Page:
On public building construction projects (and, possibly, on most private building projects) the contractor develops a Schedule of Values that forms the basis for monthly applications for payment (also known as “requisitions”) that will be submitted as construction proceeds. The Schedule of Values is typically submitted for architect and owner review at the beginning of the construction project and well before the first regular application for payment will be submitted. When reviewing the contractor’s proposed Schedule of Values, it is important to consider the meaning of the specific line item descriptions on the schedule and to also consider the architect’s and owner’s ability to assess progress on those discrete parts of the project as applications for payment are submitted by the contractor.
The meanings of the line items may seem simple enough at first glance, but they have been known to be interpreted differently by subcontractors, contractors, architects, engineers, and owners as construction proceeds. Site work items seem to be uniquely subject to varying interpretation. The intent of terms like “Excavation”, “Cuts and Fills”, “Fill”, and others are good agenda items for a meeting to discuss a proposed Schedule of Values. For the architect and owner who will be assessing the value of periodic progress on a given item, it is especially important to understand what is included in the line item and what is not included – in part to avoid a possible disagreement as construction proceeds. “I think the owner already paid for that in this item,” says the architect. “Oh, no,” says the contractor or the sub. “That was never in that item. It was in this other item.”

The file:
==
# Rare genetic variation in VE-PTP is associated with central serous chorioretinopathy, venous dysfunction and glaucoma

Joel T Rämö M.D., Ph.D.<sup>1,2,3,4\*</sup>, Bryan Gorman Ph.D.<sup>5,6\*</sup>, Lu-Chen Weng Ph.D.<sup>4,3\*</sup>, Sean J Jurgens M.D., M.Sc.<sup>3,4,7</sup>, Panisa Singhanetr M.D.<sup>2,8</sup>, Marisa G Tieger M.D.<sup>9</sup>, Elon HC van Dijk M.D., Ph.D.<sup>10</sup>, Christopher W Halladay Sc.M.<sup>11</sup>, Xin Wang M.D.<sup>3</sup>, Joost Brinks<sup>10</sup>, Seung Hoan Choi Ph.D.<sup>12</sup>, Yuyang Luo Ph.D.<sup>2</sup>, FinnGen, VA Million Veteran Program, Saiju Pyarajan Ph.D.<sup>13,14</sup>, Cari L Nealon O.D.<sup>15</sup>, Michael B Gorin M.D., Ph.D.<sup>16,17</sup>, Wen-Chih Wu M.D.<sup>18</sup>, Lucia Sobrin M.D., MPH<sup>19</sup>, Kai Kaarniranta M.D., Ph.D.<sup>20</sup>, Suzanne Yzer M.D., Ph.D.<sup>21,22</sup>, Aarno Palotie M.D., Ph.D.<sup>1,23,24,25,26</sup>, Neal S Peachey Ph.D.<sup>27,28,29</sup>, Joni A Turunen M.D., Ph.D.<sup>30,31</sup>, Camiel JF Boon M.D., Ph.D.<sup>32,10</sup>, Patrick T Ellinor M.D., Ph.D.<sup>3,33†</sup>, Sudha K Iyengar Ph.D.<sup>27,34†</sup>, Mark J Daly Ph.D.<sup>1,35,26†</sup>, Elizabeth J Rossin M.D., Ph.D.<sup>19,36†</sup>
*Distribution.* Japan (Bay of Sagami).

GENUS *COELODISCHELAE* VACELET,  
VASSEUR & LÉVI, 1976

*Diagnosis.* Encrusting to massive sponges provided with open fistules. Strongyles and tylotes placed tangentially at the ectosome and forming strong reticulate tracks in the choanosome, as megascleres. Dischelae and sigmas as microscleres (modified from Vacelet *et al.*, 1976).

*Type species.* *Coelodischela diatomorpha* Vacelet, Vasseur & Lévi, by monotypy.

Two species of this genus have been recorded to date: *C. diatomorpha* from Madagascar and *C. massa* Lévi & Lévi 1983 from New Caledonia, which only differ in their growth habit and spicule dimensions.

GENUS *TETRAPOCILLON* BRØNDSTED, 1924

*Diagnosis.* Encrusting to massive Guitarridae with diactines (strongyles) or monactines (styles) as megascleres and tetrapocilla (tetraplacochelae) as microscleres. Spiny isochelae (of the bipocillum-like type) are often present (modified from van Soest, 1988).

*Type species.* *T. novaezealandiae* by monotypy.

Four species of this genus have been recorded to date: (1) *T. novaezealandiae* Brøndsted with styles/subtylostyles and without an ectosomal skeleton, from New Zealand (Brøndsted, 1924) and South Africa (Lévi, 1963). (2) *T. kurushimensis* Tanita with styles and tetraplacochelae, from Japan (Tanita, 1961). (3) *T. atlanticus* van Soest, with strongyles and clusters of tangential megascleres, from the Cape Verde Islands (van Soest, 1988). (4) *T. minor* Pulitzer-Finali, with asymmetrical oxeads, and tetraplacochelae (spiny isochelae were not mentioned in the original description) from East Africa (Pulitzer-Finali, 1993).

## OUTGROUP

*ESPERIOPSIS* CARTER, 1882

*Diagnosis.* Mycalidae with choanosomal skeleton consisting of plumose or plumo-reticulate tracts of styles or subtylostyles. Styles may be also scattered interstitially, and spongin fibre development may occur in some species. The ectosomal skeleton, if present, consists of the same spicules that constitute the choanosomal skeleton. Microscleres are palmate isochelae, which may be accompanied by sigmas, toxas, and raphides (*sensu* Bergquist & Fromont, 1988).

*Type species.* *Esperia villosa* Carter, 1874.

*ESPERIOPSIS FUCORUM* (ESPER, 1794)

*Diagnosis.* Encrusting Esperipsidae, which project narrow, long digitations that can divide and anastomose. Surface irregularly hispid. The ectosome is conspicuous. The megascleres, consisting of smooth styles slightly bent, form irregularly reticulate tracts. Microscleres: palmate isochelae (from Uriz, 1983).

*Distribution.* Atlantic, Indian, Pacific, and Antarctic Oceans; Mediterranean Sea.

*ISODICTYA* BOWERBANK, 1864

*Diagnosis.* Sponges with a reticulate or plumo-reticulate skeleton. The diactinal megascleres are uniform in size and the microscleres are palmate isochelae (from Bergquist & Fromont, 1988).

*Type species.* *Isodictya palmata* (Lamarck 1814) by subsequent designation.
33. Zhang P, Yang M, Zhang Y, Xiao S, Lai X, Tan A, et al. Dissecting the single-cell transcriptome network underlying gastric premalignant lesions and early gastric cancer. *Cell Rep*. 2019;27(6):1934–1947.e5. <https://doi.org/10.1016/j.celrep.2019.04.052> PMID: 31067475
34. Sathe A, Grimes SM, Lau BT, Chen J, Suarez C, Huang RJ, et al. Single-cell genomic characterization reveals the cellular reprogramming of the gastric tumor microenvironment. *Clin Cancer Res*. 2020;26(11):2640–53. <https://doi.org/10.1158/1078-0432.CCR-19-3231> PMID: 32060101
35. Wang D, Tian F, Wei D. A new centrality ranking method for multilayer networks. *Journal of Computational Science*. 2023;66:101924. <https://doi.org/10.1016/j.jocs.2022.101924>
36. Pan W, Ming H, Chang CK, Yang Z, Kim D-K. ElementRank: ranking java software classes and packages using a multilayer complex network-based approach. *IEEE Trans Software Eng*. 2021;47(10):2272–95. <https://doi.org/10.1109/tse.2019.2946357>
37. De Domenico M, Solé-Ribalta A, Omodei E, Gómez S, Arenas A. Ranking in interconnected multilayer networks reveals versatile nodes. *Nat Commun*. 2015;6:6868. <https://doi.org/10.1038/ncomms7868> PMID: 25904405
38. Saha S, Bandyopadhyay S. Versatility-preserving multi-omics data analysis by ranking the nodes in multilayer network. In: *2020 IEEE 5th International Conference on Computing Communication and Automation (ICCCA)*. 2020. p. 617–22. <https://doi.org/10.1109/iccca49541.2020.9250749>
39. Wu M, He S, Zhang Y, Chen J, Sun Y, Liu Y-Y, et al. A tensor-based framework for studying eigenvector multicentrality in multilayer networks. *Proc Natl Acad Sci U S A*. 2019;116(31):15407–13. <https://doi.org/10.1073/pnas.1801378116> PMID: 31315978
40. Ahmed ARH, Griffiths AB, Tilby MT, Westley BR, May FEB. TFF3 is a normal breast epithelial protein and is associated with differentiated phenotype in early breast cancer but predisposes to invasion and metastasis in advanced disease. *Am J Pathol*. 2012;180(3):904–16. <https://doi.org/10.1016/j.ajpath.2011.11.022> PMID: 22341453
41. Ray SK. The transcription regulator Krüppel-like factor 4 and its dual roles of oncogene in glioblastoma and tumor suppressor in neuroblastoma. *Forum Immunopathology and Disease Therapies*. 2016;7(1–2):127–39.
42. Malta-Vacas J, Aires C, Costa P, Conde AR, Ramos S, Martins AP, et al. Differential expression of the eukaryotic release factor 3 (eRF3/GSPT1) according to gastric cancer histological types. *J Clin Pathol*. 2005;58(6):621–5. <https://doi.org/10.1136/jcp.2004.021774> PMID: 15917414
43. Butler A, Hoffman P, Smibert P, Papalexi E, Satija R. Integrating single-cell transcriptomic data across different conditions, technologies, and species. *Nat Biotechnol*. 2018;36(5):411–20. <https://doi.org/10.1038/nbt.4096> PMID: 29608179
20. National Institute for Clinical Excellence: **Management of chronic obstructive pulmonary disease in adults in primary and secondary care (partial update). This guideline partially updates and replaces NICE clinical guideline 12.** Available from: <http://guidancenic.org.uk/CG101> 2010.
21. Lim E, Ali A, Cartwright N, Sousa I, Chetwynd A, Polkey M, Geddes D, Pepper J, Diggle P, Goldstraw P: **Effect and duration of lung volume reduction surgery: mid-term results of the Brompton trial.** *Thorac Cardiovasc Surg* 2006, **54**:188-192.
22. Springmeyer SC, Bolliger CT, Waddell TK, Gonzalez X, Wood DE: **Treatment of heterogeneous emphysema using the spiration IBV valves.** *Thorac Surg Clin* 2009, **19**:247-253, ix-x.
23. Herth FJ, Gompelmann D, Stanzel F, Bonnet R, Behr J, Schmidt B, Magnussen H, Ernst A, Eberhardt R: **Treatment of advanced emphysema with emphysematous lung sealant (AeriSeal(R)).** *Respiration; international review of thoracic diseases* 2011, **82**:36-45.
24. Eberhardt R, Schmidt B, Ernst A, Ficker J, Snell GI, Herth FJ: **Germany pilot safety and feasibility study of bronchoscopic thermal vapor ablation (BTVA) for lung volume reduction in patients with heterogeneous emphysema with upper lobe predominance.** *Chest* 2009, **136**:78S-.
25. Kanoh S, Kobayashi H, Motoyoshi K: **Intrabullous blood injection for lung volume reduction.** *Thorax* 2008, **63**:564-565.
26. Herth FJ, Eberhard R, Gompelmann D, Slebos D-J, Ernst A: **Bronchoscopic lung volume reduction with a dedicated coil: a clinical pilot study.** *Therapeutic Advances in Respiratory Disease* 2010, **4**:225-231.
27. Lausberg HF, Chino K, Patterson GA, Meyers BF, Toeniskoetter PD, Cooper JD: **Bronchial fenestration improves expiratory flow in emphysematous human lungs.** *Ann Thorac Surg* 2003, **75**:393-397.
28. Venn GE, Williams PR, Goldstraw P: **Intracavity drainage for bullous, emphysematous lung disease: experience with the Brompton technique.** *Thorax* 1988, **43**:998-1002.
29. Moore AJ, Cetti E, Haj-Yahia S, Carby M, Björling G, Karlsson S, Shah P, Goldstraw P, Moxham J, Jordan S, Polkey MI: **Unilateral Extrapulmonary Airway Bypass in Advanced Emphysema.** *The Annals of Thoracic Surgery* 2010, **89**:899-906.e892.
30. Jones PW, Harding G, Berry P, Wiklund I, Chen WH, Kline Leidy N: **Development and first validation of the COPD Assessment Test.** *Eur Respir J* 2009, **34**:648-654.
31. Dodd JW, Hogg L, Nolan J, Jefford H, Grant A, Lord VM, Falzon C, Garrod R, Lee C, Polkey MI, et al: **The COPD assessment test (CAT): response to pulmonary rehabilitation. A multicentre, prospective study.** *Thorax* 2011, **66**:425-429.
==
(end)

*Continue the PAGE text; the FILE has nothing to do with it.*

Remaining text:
The architect’s and owner’s ability to assess progress on the listed work items also depends on the monetary amount of the particular item. It is common to require a contractor to break down items that are too large (e.g., Site Work $2,000,000) into smaller items (e.g., Rough Grade south yard: $15,000, Fine Grade west field: $7,500, etc.) that are more easily assessed and add up to the total value of site work. For some, the rule has been to break down the schedule into items no greater than $20,000 in value. That may not be a practical rule to follow in every case, but it is important to consider the ability of the observer to assess progress that is claimed on a given application for payment while avoiding confusion with other work that may be similar or within the same trade. Contractors and subcontractors are usually quite interested in receiving prompt payment for completed work, so it follows that they should be willing to invest time in the beginning of a project to establish a common understanding of the items in the Schedule of Values.
Another rule, sometimes challenged, is that once the Schedule of Values is established, it should not be changed. That’s a good rule (with a notable exception that sometimes a more detailed breakdown of an established item may become necessary in order to assess progress and determine appropriate payment). And there are other rules….
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